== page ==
On the Urban thread, Jonathan Green pointed out that the major issue with oil scarcity may not be how much oil we have in the ground, but how much we can pump in a given year. If we are maxed out on supply for a year, any oil disaster creates a huge crunch. So once we hit peak capacity, we’ll end up with large price spikes anytime supply is interrupted anywhere. This creates risk for consumers that they’d rather not have, and so markets tend to give people options to get rid of that risk, at a price.
One solution to these price spikes is that higher prices will signal that there is money to be made in stockpiling and waiting for a high price (buy low, sell high). This would mitigate the price spikes by creating extra stockpiled capacity when bad things happen. It is similar in spirit to opening the strategic petroleum reserves when prices get high, except without the politics.
Except, of course, for the politics! Because if you stockpile oil to sell when prices spike, not only are you providing a public service, you are hoping to receive “windfall profits”. In fact, those windfall profits, in a well-functioning market, rise precisely as your stockpile-selling is valuable to others.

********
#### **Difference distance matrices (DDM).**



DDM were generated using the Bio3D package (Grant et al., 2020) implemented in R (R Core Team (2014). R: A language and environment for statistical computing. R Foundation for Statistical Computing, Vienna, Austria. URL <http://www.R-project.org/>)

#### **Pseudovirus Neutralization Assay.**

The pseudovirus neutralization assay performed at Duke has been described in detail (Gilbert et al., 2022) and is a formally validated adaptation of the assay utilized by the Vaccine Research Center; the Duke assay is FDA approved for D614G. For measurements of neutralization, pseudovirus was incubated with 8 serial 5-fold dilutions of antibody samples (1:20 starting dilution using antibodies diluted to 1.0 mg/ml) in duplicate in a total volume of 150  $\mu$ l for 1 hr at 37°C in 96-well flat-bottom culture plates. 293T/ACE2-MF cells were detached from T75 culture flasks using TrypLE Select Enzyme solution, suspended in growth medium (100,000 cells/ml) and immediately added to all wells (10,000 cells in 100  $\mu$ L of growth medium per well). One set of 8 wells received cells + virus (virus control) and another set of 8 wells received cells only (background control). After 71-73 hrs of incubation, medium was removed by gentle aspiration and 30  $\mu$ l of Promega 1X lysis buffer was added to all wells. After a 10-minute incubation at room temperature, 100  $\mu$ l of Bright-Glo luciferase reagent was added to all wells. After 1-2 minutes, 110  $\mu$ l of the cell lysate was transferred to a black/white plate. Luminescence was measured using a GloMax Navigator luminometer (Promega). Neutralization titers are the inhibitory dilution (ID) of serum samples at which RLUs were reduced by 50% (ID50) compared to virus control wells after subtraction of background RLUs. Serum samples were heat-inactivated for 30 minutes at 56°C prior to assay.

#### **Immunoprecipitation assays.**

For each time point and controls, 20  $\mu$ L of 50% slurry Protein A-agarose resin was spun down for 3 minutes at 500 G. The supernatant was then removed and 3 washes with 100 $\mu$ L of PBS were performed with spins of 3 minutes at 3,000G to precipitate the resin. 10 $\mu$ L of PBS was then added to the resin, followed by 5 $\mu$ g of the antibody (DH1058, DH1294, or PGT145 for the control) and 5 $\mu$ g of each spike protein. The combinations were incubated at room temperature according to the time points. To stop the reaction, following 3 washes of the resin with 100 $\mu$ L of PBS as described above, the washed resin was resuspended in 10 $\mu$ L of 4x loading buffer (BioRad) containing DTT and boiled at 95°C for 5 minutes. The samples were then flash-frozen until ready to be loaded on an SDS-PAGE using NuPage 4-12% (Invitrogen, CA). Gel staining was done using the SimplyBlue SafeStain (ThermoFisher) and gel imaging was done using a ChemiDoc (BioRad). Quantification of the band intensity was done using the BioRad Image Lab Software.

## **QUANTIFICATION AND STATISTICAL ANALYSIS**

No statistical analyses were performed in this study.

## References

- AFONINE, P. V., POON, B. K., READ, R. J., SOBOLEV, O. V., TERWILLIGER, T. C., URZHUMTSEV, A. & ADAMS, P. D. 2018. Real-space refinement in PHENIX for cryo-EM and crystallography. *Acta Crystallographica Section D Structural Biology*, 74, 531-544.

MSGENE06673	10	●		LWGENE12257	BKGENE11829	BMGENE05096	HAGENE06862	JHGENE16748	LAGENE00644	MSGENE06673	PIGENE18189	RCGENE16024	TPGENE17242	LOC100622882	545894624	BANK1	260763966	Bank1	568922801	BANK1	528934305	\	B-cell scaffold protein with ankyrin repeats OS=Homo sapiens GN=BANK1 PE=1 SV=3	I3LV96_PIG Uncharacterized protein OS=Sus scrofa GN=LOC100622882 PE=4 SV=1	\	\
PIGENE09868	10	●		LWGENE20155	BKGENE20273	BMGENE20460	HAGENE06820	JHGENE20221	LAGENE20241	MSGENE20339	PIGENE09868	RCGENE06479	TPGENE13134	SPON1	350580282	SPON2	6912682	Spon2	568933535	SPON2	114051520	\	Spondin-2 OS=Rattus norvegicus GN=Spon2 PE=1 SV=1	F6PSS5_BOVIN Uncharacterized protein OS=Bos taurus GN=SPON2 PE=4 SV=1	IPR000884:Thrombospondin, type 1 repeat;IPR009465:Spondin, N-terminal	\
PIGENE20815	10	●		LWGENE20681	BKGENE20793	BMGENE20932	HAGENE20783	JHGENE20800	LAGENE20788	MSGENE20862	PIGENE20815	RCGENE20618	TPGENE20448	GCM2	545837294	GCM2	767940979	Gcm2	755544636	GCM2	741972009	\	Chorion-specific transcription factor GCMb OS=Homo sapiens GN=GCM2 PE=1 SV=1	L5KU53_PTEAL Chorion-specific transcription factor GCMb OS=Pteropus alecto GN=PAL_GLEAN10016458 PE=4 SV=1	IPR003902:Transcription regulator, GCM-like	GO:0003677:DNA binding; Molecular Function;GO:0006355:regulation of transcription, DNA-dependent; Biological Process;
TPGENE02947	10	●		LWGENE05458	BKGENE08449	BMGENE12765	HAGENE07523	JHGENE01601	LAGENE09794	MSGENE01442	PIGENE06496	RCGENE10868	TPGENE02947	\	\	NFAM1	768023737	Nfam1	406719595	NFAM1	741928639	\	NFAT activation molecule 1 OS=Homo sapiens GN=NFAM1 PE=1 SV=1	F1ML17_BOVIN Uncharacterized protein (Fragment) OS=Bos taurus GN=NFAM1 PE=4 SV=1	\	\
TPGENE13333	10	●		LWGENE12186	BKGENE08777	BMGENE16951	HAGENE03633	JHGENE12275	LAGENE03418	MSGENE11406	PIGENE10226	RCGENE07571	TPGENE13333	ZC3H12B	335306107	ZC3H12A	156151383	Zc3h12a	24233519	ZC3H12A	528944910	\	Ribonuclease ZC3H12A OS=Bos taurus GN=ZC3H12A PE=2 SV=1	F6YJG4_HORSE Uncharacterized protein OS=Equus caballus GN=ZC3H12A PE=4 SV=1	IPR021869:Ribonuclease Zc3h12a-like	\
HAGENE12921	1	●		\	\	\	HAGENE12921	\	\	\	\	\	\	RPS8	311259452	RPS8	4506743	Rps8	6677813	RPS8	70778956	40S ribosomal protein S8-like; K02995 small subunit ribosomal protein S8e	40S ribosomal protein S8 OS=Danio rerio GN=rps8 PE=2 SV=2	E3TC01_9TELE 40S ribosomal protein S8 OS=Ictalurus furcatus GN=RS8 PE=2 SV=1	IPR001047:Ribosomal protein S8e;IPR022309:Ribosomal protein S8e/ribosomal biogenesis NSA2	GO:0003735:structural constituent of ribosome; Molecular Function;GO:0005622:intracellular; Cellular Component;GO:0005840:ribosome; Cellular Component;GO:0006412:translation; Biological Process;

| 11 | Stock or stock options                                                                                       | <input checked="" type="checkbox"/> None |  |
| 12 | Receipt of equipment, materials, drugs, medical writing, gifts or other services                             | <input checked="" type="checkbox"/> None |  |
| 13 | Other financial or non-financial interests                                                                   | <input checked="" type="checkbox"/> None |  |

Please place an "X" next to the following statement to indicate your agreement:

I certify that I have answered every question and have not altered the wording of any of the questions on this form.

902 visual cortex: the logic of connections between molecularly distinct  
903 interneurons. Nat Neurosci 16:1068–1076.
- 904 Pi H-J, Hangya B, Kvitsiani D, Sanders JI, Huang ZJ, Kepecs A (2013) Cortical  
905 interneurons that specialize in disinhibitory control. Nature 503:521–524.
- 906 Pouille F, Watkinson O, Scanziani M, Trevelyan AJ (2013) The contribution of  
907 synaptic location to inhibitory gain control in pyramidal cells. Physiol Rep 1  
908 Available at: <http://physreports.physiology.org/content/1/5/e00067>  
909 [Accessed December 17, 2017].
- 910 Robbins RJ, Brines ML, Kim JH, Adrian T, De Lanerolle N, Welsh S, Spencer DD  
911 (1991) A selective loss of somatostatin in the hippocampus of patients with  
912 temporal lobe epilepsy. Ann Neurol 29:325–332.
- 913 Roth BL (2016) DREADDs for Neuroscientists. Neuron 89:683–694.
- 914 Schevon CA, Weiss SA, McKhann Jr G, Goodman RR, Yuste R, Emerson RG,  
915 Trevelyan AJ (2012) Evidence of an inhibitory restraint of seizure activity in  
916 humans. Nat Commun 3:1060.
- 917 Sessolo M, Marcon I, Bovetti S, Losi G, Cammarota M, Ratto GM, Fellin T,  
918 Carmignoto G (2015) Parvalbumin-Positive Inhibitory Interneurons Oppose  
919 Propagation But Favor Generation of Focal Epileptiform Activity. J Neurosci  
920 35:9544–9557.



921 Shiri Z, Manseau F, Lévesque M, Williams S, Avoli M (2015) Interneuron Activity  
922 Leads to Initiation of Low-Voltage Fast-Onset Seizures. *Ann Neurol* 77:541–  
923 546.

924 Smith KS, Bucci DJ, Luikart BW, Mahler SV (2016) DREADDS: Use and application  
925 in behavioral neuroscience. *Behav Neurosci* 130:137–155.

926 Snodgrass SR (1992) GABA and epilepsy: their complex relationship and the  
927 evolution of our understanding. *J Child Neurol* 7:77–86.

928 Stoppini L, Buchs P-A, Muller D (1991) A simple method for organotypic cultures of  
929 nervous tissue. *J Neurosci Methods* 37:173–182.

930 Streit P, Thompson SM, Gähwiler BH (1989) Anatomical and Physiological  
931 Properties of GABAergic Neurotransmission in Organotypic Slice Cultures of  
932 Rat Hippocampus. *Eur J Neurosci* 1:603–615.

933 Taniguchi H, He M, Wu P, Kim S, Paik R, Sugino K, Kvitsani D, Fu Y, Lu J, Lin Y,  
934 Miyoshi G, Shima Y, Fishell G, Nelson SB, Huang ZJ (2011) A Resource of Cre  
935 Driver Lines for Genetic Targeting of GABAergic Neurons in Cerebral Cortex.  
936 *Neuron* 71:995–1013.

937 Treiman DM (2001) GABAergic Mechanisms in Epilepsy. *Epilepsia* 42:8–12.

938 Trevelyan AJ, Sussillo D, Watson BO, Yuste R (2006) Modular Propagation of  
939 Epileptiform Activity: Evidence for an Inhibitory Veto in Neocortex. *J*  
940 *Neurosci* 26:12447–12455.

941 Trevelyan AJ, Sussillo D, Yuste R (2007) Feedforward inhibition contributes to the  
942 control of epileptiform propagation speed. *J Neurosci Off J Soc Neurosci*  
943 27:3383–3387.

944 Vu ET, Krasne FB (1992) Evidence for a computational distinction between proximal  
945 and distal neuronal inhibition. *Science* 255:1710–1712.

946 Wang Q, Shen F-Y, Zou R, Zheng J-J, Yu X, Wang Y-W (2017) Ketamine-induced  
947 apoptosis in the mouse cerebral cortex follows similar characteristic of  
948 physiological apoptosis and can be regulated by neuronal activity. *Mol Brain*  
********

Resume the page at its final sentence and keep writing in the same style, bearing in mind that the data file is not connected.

So one effect of a large tax on windfall profits would be to reduce the incentive to stockpile (since those profits will be taxed away). Nor, really, are the profits likely to be a “windfall” in any meaningful sense. The stockholders get those profits because they took on the risk of oil prices so consumers would face less risk.
So I’m not in favor of that kind of taxation. On the other hand, if we think oil is creating all sorts of nasty externalities, like pollution and national security problems, then I’d favor higher gas taxes. Ideally, the size of the tax would reflect the social cost created by the gasoline. Even better would be to create a market in automobile emissions, but I don’t think we’re quite there yet.